GUWAHATI, May 11 � Against the backdrop of a Parliamentary panel underscoring the urgent need for undertaking seismic microzonation studies of the major cities of the country, which are located in high seismic zones, the report of the seismic microzonation study of Guwahati is allegedly not made easily available for the common Guwahatians.
The report, result of a six-year-long study conducted since 2002, by a team of experts engaged by the Union Department of Science and Technology, at the request of Chief Minister Tarun Gogoi, was published about seven years back. It was released by the then Union Minister of Science and Technology Kapil Sibal at a function held at the Srimanta Sankaradeva Kalakshetra on January 18, 2008.
Releasing the report, Sibal had emphasised on the need of better awareness among the people of the NE region on seismic hazards, since the region falls in Seismic Zone -V, the highly vulnerable seismic zone.
The report was prepared by the experts of the Geological Survey of India, IIT Kharagpur, IIT Guwahati, IIT Roorkee, Assam Engineering College, Jorhat Engineering College, State Directorate of Geology and Mining, Central Ground Water Board, Regional Research Laboratory (RRL, now NERIST), Jorhat, India Meteorological Department and AMTRON.
In Chapter nine of the report, it is stated that the Greater Guwahati areas (the report described it as Guwahati Region) have been divided into four zones considering their respective earthquake hazard susceptibility point of view. They are � very high hazard zone, high hazard zone, moderate hazard zone, low and very low hazard zone.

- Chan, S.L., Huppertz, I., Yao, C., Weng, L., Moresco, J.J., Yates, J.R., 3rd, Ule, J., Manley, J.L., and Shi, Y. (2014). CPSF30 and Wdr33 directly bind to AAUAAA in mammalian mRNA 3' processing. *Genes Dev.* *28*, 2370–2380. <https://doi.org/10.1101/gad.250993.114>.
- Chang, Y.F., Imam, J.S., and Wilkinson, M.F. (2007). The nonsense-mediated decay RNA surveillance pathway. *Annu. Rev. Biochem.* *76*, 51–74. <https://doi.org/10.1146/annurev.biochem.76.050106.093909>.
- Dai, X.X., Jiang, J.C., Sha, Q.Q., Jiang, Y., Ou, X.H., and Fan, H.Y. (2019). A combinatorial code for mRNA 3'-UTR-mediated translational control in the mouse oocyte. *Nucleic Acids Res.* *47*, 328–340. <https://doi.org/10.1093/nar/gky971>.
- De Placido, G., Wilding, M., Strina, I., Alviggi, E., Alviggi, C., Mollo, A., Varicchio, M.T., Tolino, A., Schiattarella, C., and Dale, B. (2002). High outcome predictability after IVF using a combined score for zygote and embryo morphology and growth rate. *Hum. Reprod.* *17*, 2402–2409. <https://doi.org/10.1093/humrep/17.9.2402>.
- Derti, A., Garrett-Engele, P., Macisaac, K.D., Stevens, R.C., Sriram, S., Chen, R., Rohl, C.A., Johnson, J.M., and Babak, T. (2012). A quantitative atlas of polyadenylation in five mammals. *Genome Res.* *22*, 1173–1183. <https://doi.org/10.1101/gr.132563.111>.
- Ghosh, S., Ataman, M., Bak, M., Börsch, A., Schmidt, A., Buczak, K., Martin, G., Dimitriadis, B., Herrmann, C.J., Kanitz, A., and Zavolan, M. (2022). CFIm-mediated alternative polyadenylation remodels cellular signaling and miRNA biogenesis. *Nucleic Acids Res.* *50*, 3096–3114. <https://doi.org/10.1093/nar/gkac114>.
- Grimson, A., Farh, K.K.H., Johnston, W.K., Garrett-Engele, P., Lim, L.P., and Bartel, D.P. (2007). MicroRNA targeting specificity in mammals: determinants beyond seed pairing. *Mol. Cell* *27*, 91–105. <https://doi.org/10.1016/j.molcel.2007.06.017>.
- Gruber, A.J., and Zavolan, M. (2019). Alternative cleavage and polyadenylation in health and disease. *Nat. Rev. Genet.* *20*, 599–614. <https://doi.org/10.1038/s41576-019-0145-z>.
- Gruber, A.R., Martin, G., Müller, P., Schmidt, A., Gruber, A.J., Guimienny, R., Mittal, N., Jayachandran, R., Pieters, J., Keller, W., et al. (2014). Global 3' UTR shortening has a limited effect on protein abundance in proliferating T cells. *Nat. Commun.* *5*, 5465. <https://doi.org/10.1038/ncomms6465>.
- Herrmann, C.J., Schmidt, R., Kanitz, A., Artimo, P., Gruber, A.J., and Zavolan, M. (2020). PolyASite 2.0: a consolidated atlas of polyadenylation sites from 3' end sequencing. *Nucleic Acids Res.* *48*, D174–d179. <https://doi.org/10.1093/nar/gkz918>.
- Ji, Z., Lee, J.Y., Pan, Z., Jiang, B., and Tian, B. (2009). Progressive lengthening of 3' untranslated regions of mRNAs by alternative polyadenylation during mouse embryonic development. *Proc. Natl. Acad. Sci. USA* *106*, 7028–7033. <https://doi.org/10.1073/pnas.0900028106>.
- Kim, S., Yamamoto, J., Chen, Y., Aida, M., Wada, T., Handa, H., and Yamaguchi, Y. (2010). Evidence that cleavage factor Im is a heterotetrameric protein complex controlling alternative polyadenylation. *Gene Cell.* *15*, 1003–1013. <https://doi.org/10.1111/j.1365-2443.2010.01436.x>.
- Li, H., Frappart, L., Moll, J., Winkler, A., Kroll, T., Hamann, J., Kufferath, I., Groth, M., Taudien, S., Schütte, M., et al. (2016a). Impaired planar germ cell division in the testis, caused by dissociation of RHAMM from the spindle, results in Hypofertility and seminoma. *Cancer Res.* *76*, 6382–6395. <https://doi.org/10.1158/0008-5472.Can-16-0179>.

For the purpose of arriving at this conclusion, the experts employed the historical 1897 Shillong earthquake of 8.7 magnitude �as the scenario earthquake.�
The very high zone, where the average shear wave velocity is 228m/s and the peak ground acceleration (PGA) level is very high and greater than 0.81g includes the western part of Guwahati region, which covers the areas of Bhattapara, Garal, Bulla, Singibari, Azara, Baharbari, Khanapara etc.
In the high hazard zone, the average shear wave velocity is 260m/s and the average PGA level is 0.52g. It covers the areas like Lachitpur, Teteliya, Mirzapur, Dekarpara etc. Guwahati Airport incidentally falls within the high hazard zone, said the report.
In the moderate hazard zone, the average shear wave velocity is 296 m/s and the average PGA level is 0.38g. The areas covered by this zone include � entire Bordang surface and its habitations like Dispur, Gopinath Nagar, Rehabari, Shantipur, Chatribari with important infrastructures like AMTRON, BSNL, Gauhati University and Irrigation Department located in it.
In the low and very low zone, the average shear wave velocity is 340m/s with a very low PGA level of 0.11g. These zones cover the areas near the eastern flank of the Brahmaputra, the areas in the periphery of the hills like Fatashil Hill, Kalapahar Hill and some areas in the eastern part of the region (Guwahati Region).
The report was prepared at a cost of Rs 5 crore by the Union Government.
According to the United States Geological Survey (USGS), the devastating April 25, 2015 earthquake rocked the areas near its epicentre in Nepal at a PGA level of 0.54g for three seconds and then with a PGA level of 0.46g for one second, followed by a PGA level of 0.08g for three seconds. This earthquake killed over 8,000 people as per the figures available till date.